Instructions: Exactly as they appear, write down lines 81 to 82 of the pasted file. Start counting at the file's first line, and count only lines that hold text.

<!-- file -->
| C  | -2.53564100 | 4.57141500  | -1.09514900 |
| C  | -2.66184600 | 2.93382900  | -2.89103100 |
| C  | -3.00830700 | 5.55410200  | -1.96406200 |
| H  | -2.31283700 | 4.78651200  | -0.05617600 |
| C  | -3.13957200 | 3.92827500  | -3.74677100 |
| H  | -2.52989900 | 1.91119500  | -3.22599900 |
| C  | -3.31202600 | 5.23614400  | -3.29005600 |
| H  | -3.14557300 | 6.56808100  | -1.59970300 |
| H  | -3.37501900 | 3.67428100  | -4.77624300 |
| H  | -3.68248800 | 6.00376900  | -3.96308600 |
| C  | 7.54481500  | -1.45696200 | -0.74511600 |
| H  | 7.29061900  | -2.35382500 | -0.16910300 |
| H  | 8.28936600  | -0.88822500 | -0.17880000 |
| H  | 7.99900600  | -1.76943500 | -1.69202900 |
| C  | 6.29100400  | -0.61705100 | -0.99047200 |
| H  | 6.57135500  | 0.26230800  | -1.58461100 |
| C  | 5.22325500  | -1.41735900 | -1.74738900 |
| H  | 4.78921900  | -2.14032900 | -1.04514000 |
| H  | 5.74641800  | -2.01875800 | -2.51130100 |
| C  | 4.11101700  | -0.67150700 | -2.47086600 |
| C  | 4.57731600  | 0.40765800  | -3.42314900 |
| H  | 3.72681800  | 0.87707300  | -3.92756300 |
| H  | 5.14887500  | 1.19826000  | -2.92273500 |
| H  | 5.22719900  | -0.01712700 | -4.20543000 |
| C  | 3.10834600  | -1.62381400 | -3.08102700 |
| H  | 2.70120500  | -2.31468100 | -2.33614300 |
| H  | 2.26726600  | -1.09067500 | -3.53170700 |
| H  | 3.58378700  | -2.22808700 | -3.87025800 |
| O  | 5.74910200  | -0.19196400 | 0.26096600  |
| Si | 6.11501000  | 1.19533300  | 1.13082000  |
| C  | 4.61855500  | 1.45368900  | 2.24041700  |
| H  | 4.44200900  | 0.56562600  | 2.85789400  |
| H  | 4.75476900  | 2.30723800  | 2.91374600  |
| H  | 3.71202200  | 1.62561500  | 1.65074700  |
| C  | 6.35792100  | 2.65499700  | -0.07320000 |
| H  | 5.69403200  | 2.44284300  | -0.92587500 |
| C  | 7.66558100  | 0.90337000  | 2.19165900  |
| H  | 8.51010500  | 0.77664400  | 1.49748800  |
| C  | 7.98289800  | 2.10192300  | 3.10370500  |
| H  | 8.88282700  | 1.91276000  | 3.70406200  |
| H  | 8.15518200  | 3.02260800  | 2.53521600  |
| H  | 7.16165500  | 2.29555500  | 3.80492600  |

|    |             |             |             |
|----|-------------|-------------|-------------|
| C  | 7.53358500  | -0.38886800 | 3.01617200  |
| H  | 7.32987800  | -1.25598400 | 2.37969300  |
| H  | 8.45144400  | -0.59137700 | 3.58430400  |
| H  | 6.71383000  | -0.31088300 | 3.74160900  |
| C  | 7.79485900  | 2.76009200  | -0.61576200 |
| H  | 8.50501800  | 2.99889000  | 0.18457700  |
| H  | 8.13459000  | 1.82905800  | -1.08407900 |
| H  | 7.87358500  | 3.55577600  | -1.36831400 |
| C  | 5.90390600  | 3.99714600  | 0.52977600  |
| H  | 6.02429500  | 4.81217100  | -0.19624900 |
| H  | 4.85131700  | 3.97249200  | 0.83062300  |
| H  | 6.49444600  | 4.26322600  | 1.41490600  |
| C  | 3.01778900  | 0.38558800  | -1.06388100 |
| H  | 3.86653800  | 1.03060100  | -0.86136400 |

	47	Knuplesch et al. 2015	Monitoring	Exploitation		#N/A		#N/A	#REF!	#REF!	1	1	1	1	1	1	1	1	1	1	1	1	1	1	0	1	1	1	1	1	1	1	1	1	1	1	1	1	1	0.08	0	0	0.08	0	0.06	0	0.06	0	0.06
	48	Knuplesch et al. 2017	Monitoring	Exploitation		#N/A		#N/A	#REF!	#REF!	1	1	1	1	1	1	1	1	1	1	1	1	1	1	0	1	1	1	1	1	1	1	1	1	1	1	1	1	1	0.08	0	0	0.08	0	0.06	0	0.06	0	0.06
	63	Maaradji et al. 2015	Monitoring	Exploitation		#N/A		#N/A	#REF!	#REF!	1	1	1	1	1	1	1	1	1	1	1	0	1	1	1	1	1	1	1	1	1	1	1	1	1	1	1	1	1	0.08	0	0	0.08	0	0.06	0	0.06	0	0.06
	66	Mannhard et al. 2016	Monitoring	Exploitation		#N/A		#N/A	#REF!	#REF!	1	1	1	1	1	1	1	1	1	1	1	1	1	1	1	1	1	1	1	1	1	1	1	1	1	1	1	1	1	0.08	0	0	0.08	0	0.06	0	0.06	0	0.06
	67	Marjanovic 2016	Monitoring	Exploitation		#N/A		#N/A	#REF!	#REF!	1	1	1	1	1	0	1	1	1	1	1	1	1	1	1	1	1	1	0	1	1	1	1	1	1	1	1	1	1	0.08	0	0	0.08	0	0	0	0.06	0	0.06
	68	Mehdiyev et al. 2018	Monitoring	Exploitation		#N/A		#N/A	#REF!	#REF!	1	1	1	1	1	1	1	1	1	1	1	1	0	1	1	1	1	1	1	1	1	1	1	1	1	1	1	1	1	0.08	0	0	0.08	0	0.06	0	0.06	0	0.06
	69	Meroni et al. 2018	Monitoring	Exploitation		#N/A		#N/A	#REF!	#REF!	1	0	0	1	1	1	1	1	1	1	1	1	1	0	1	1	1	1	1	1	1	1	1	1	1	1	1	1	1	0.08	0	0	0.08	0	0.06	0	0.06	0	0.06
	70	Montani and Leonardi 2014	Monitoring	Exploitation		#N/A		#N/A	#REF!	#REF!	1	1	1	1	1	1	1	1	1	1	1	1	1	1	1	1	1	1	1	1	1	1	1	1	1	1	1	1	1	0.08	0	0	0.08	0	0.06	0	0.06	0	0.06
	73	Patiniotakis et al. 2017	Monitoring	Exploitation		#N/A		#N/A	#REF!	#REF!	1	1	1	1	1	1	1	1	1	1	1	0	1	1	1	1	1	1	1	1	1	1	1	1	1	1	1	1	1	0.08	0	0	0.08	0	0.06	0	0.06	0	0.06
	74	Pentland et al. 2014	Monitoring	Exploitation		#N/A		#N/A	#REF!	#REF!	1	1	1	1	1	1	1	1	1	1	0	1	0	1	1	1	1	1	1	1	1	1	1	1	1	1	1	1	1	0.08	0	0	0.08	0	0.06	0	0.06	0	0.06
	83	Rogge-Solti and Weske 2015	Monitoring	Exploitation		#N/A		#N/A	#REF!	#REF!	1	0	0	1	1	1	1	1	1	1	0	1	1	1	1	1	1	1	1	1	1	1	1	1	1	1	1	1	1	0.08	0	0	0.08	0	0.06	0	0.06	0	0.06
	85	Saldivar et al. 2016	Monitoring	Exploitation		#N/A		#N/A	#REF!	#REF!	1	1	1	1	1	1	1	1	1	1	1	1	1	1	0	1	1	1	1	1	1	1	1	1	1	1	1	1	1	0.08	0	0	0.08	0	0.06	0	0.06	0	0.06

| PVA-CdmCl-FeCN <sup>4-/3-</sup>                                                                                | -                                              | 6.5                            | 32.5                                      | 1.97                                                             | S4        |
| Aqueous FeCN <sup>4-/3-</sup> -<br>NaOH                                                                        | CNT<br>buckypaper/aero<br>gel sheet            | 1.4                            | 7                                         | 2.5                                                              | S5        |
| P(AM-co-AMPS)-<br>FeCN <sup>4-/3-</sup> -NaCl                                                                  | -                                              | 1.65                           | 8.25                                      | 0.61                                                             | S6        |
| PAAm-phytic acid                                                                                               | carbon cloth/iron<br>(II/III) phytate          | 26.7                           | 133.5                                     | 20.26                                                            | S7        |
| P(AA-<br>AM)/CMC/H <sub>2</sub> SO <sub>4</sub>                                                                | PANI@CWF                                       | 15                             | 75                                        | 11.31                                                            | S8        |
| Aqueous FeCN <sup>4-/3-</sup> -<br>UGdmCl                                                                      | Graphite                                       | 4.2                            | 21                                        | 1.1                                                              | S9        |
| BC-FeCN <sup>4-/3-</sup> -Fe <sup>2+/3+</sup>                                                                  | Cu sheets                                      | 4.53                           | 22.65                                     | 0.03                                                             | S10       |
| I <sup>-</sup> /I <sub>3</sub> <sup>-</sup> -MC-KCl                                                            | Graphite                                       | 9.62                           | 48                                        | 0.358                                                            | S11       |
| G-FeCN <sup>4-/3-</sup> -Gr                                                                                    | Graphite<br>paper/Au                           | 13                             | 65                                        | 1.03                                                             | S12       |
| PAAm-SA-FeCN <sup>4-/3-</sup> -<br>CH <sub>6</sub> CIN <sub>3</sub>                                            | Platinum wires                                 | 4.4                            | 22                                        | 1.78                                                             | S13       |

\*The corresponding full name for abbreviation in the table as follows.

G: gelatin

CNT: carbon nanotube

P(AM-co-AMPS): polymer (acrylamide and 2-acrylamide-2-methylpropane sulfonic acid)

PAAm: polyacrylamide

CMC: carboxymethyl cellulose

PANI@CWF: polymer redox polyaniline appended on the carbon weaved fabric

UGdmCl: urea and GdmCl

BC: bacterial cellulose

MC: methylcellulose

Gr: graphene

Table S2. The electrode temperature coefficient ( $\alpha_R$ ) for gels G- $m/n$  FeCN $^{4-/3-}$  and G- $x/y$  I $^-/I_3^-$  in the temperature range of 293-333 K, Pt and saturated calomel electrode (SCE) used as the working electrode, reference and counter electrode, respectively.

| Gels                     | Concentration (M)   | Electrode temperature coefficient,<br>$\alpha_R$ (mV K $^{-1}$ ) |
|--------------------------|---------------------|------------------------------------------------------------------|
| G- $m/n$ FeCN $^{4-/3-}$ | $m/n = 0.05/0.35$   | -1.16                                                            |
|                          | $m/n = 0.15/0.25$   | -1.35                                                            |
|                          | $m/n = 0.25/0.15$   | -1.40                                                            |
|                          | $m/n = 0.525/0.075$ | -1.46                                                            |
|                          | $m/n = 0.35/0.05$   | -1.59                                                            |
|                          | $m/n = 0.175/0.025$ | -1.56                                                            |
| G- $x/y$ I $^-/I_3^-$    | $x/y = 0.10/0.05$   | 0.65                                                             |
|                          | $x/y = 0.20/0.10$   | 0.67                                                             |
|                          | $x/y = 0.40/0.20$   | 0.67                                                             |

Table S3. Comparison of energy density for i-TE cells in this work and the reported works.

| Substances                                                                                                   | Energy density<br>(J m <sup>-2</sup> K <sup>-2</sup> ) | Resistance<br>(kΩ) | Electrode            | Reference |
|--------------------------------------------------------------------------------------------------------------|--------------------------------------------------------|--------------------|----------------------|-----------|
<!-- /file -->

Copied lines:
\*The corresponding full name for abbreviation in the table as follows.

G: gelatin